Bibliography

Primary Sources

Porteous, R. H. Women! Help America’s Sons Win the War. 1917. Photograph. http://envoy.dickinson.edu:2704/Documents/Images/20.1.29/0.

“Rosie the Riveter.” In News Features & Internal Communications Image Collection. Primary Source Media, 1940. Associated Press Collections Online. 

The Gilder Lehrman Institute of American History. Women in the War: We Can’t Win without Them. Photograph. 1942. http://www.americanhistory.amdigital.co.uk/Documents/SearchDetails/GLC09543. 

Office of War Information, and Office of Emergency Management. Do the Job He Left behind. 1942. Photograph. Accessed November 14, 2018. https://catalog.archives.gov/id/513683.

Release 6, 1942. Produced by United Newsreel Corporation. https://search.alexanderstreet.com/view/work/bibliographic_entity%7Cvideo_work%7C1786108. 

Release 105, 1944. Produced by United Newsreel Corporation. https://search.alexanderstreet.com/view/work/bibliographic_entity%7Cvideo_work%7C1786094. 

Wilbur, Lawrence. Longing Won`t Bring Him Back Sooner . . . Get a War Job! 1944. Photograph. https://www.archives.gov/exhibits/powers_of_persuasion/its_a_womans_war_too/its_a_womans_war_too.html. 

Columbia Broadcasting System. “Interview by James H.R. Cromwell and William Bradford Huie Chronoscope, Helen Hayes.” Video file. 1951. https://envoy.dickinson.edu:6328/view/work/bibliographic_entity%7Cvideo_work%7C1789505.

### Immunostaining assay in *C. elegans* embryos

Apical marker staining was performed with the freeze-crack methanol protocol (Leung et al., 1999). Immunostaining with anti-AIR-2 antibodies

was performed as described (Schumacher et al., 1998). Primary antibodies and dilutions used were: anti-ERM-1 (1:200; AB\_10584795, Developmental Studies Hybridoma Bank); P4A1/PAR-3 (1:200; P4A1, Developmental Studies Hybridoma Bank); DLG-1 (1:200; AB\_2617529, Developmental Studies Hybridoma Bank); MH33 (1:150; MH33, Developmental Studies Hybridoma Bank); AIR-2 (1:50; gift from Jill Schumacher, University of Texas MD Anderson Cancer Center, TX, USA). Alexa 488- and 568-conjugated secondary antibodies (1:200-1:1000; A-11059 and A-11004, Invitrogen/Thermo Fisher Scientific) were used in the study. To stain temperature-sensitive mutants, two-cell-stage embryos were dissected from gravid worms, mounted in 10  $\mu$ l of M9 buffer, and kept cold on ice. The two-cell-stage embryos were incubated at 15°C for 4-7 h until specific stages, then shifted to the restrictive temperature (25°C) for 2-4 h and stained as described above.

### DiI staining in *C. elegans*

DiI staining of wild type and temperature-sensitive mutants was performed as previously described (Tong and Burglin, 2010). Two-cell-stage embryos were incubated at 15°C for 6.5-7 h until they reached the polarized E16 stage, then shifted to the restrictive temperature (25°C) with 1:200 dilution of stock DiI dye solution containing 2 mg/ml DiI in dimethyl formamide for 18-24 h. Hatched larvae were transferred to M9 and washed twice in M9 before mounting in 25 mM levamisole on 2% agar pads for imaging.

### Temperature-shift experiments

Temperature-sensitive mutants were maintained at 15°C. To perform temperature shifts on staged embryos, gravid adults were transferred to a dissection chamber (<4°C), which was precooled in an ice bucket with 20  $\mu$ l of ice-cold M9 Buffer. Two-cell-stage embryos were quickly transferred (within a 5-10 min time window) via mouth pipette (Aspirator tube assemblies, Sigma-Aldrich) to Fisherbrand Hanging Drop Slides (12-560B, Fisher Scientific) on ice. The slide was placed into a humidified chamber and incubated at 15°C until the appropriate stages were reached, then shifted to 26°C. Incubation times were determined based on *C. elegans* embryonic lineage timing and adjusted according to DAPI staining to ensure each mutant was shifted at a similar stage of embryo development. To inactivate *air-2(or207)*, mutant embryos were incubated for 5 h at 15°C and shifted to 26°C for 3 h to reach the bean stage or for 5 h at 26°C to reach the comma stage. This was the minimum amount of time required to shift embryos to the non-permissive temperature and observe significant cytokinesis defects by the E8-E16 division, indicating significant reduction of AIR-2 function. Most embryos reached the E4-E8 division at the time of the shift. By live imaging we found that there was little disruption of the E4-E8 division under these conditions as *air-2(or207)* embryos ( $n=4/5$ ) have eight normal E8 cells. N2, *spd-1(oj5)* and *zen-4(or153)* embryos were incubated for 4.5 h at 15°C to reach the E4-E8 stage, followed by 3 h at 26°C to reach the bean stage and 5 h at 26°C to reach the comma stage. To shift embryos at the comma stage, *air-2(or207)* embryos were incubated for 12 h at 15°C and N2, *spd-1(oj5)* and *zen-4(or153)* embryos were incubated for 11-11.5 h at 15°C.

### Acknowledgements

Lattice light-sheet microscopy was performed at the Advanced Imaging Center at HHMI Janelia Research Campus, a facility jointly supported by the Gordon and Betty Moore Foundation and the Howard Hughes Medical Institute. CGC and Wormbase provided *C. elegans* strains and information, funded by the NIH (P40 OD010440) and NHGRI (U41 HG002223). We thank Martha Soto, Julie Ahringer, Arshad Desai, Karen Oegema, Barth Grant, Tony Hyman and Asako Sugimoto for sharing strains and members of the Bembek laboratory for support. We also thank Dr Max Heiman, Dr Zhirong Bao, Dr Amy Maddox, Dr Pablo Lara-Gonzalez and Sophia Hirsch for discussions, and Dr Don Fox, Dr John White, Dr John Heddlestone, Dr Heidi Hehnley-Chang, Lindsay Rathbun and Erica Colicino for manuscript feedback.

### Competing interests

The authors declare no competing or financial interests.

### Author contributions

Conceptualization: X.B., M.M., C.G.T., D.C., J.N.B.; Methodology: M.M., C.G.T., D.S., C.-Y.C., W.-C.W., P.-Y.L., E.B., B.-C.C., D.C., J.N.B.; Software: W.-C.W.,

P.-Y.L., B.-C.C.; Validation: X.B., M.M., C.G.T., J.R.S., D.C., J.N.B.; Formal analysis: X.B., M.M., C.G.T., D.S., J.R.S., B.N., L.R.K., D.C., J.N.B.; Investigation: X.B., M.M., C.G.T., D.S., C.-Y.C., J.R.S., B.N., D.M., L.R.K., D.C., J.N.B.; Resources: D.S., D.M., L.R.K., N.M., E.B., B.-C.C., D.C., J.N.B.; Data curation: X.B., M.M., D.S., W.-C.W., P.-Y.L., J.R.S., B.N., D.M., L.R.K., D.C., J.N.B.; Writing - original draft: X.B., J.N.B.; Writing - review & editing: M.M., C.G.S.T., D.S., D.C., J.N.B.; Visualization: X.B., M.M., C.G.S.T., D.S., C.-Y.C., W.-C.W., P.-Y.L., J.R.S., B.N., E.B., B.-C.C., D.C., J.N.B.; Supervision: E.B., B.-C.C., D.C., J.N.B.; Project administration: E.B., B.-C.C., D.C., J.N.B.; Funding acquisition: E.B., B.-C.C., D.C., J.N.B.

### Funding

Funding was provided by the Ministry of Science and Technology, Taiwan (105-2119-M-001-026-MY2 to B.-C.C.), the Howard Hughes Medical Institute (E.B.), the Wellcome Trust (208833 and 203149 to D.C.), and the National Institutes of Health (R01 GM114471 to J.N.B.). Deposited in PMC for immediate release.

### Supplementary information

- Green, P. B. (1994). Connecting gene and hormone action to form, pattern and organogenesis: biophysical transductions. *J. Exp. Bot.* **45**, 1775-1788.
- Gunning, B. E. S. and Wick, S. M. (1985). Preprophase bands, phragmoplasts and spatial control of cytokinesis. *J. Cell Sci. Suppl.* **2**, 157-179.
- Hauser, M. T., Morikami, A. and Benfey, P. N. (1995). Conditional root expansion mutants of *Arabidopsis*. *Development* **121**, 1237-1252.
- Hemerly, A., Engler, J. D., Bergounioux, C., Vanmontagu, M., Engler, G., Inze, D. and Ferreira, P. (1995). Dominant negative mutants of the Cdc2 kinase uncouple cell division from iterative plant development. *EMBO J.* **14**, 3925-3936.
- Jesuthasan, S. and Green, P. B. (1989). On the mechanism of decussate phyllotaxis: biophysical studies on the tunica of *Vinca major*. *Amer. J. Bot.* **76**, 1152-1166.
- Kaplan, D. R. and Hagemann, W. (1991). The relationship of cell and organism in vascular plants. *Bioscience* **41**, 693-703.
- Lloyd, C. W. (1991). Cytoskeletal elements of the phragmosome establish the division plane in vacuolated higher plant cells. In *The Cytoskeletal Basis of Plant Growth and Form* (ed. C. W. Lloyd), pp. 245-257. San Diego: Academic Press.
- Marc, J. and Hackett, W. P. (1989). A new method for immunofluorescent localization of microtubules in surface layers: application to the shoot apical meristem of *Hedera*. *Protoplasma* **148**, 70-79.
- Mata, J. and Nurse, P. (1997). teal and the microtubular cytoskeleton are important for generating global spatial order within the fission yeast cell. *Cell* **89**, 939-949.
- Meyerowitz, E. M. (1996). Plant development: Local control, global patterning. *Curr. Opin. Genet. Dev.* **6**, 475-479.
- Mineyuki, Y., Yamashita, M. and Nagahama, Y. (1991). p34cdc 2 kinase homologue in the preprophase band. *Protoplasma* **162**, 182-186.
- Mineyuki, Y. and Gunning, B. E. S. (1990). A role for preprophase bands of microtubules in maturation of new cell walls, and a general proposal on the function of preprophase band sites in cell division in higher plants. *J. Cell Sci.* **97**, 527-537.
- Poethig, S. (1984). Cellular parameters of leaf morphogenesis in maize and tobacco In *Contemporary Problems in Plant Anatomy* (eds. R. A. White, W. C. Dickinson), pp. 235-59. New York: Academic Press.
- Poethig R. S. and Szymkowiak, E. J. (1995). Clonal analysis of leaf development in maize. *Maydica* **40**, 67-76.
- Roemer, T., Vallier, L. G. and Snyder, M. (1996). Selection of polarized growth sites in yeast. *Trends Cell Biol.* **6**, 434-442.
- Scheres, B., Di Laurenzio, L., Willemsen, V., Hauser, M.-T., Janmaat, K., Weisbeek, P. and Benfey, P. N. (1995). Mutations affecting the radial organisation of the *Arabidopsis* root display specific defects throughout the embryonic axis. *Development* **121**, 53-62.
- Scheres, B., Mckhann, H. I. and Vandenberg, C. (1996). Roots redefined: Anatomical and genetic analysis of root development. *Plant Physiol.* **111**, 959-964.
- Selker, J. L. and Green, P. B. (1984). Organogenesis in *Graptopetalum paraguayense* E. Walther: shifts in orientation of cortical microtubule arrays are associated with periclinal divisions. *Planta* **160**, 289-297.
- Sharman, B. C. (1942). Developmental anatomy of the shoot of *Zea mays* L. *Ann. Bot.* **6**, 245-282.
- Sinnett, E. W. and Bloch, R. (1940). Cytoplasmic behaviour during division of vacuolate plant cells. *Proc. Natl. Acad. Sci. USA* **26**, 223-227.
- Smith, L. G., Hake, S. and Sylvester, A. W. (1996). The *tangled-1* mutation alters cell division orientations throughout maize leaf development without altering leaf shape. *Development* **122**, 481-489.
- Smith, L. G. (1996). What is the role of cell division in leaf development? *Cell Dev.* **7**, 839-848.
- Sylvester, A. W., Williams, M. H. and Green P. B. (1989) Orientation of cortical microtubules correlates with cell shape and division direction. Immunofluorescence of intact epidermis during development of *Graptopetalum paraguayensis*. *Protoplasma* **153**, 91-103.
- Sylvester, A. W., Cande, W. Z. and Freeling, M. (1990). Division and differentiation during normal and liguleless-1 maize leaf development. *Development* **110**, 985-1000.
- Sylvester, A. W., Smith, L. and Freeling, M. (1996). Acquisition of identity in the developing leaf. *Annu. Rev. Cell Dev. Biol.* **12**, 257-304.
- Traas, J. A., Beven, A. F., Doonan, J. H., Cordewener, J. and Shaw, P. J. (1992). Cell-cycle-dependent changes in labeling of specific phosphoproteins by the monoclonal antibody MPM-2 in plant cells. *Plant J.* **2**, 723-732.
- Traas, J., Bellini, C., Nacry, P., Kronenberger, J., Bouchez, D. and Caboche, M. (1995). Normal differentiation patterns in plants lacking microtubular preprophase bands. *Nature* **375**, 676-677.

Robinson, Douglas. 1966. “Women March here to Protest Vietnam War.” New York Times (1923-Current File), May 08, 2. http://envoy.dickinson.edu:2048/login?url=https://envoy.dickinson.edu:6284/docview/117091205?accountid=10506.

“Nurse is the First Woman Decorated in Vietnam War.” 1968.New York Times (1923-Current File), Oct 08, 5. http://envoy.dickinson.edu:2048/login?url=https://envoy.dickinson.edu:6284/docview/118308258?accountid=10506.

ERA; The Equal Rights Amendment And You. [Place of publication not identified] :National Education Association, 1975.

Wilgoren, Jodi. “A New War Brings New Role for Women.” New York Times (1923-Current file), Mar 28, 2003, pp. 2. ProQuest, http://envoy.dickinson.edu:2048/login?url=https://envoy.dickinson.edu:6284/docview/92436790?accountid=10506.

Flashpoint: The Way Home. Produced by Reid Orvedahl. Columbia Broadcasting System, 2007. https://search.alexanderstreet.com/view/work/bibliographic_entity%7Cvideo_work%7C3167136. 

Gibbons- Neff, Thomas. “The Marines Didn’t Think Women Belonged in the Infantry. She’s Proving Them Wrong.” The New York Times, August 9, 2018. Accessed November 14, 2018. https://www.nytimes.com/2018/08/09/us/politics/marines-women-combat-platoon.html.